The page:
[kwlug-disc] Newbie... Playing with Linux etc...

Khalid Baheyeldin kb at 2bits.com
Tue Apr 20 10:28:48 EDT 2010

I assume it has table (or even database) level locks, a problem I see with
>> MySQL MyISAM, and use InnoDB which has row level locking to get around it.
> Correct, I believe sqlite has table lock for writes which makes it a poor
> choice when there are many concurrent insert/updates.

I would assume it is even worse, and locking the entire databases, simply
because a sqlite database is a single file.

This precludes use in rich CMS sites then.

In Drupal for example, if the site admin configures the site to log node
views (e.g. statistics module), or writing to the session table when
crawlers hit the site, or logging certain info to the watchdog, ...etc.

> I see there's a Drupal-sqlite project btw.

Support for sqlite is now in core for Drupal 7 (the next version). It is
meant only for testing and development in single user setups (one page load
at a time).

Any of those sites using the database heavily, like a CMS (Drupal for
>> example?)
> In the web hosting provider I work for I see performance issues in Mysql
> almost daily (a query stuck in the study phase,

Never saw that. Perhaps a combination of certain versions of software

On Ubuntu 8.04 LTS did not see this problem at all.

> 100% of CPU usage etc)

Can't remember seeing this either, unless there are bad queries runnings
(joining 12 tables for example). Using processlist shows which queries there
are at the time.

> and table corruption not that often but is pretty common too. Sometimes is
> related to out-of-memory problems or other server failures but sometimes we
> can't just tell. Fortunately a check table/repair table fixes most of the
> issues but I've seen several cases where data was just lost.

I see those occasionally, but it is on servers that were not shutdown
properly, and tables are often transient (logs, cache, sessions, ...etc.).
Yes, REPAIR works, and I even do not bother if the data is transient and
just do a TRUNCATE.

Mysql is probably (together with Apache) the most popular software used by
> our clients so it may be an unfair comparison but I can only remember one or
> two cases of having issues with postgres. This and other anecdotal stories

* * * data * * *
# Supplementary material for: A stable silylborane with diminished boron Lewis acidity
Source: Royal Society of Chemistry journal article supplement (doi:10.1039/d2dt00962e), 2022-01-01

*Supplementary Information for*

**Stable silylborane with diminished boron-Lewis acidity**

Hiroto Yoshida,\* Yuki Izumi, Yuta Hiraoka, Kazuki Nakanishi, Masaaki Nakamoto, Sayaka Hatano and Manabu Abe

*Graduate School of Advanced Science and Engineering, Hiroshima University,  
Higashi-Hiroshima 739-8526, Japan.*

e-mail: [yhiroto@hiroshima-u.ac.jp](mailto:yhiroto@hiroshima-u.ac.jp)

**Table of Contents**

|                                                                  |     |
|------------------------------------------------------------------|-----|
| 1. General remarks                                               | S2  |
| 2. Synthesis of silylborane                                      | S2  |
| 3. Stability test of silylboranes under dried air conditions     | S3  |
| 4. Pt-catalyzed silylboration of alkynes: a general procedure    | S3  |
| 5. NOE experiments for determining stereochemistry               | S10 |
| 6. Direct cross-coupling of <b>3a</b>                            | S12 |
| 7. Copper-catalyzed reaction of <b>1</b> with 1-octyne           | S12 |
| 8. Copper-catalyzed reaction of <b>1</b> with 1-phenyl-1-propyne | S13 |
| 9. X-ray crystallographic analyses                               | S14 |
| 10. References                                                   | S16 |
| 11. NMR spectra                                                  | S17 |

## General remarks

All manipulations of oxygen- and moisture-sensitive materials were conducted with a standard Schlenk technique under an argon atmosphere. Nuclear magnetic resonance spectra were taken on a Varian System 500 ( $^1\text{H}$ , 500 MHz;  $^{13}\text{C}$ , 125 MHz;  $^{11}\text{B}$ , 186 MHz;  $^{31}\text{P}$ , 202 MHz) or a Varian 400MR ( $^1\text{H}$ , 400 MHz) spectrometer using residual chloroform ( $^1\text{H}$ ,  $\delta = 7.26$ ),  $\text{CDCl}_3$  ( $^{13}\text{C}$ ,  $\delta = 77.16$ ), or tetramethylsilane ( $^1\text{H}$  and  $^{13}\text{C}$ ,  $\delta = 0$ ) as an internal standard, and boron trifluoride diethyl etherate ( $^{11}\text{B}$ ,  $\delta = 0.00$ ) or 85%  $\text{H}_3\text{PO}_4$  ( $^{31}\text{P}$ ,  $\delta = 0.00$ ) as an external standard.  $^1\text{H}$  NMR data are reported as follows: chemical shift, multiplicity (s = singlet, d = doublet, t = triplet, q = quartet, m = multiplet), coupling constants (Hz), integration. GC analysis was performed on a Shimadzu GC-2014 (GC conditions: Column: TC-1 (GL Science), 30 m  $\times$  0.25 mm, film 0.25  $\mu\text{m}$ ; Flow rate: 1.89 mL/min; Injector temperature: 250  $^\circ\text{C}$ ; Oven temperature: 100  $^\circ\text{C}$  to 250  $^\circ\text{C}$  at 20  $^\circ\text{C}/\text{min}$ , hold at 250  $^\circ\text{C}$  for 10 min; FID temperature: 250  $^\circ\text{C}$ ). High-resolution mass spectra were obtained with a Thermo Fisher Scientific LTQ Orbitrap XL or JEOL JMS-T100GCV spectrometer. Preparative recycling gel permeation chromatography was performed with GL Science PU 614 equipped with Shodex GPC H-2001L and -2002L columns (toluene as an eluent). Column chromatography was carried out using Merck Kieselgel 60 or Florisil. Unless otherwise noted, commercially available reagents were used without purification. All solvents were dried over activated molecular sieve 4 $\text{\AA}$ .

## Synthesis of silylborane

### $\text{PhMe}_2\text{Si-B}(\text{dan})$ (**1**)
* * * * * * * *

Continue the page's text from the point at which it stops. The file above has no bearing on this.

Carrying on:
> are not hard evidence against mysql but I think they are valid indicators.

What I find very powerful is what I mentioned before; in all cases so far,
> both from people I know or from the 'intertubes', seasoned db admins etc
> with experience in both mysql and postgres always choose the latter and have
> in general a low opinion of mysql. Conversely, mysql fans seem to either
> have a vested interest or they haven't worked with postgres. (I'd like to
> have a counter example).
> Mysql took an early lead in the Linux web hosting world about 10 years ago
> when in was the standard RDBSM installed, probably because it was easier to
> use, easier to install and faster than postgresql. Since 5 years ago or so
> this is no longer true, and while mysql has been catching up in features and
> postgres in speed etc, mysql remains ridden with bugs and is not as solid as
> postgres. So the default choice for an open source RDBMS should be postgres,
> unless there are valid reasons: your expertise, legacy dbs, software than
> only works with mysql, good support for replication etc.

> TL;DR: Consider postgres or sqlite.

For some applications, PostgreSQL is just too slow (e.g. high traffic Drupal
sites). Not a realistic option.

We have this discussion every year within Drupal. We do support both MySQL
and PostgreSQL (and sqlite lately) in core. Contributed modules have sparse
support for PostgreSQL though.

We then have people come and preach virtues of PostgreSQL (free, capable,
...etc.) and all that, but in the end no one is willing to step in and do
the work needed. We have about one maintainer that comes in does some work
and then disappear and PostgreSQL is left in the lurch.

We hear this speech of "PostgreSQL is better, MySQL is crap" too often, but
when it comes to people putting their code where their mouth is, the reality
is different.

Would be great to have this discussion at the KWLUG meeting on May 3rd as
part of the MySQL presentation.
Khalid M. Baheyeldin
2bits.com, Inc.
Drupal optimization, development, customization and consulting.
Simplicity is prerequisite for reliability. --  Edsger W.Dijkstra
Simplicity is the ultimate sophistication. --   Leonardo da Vinci
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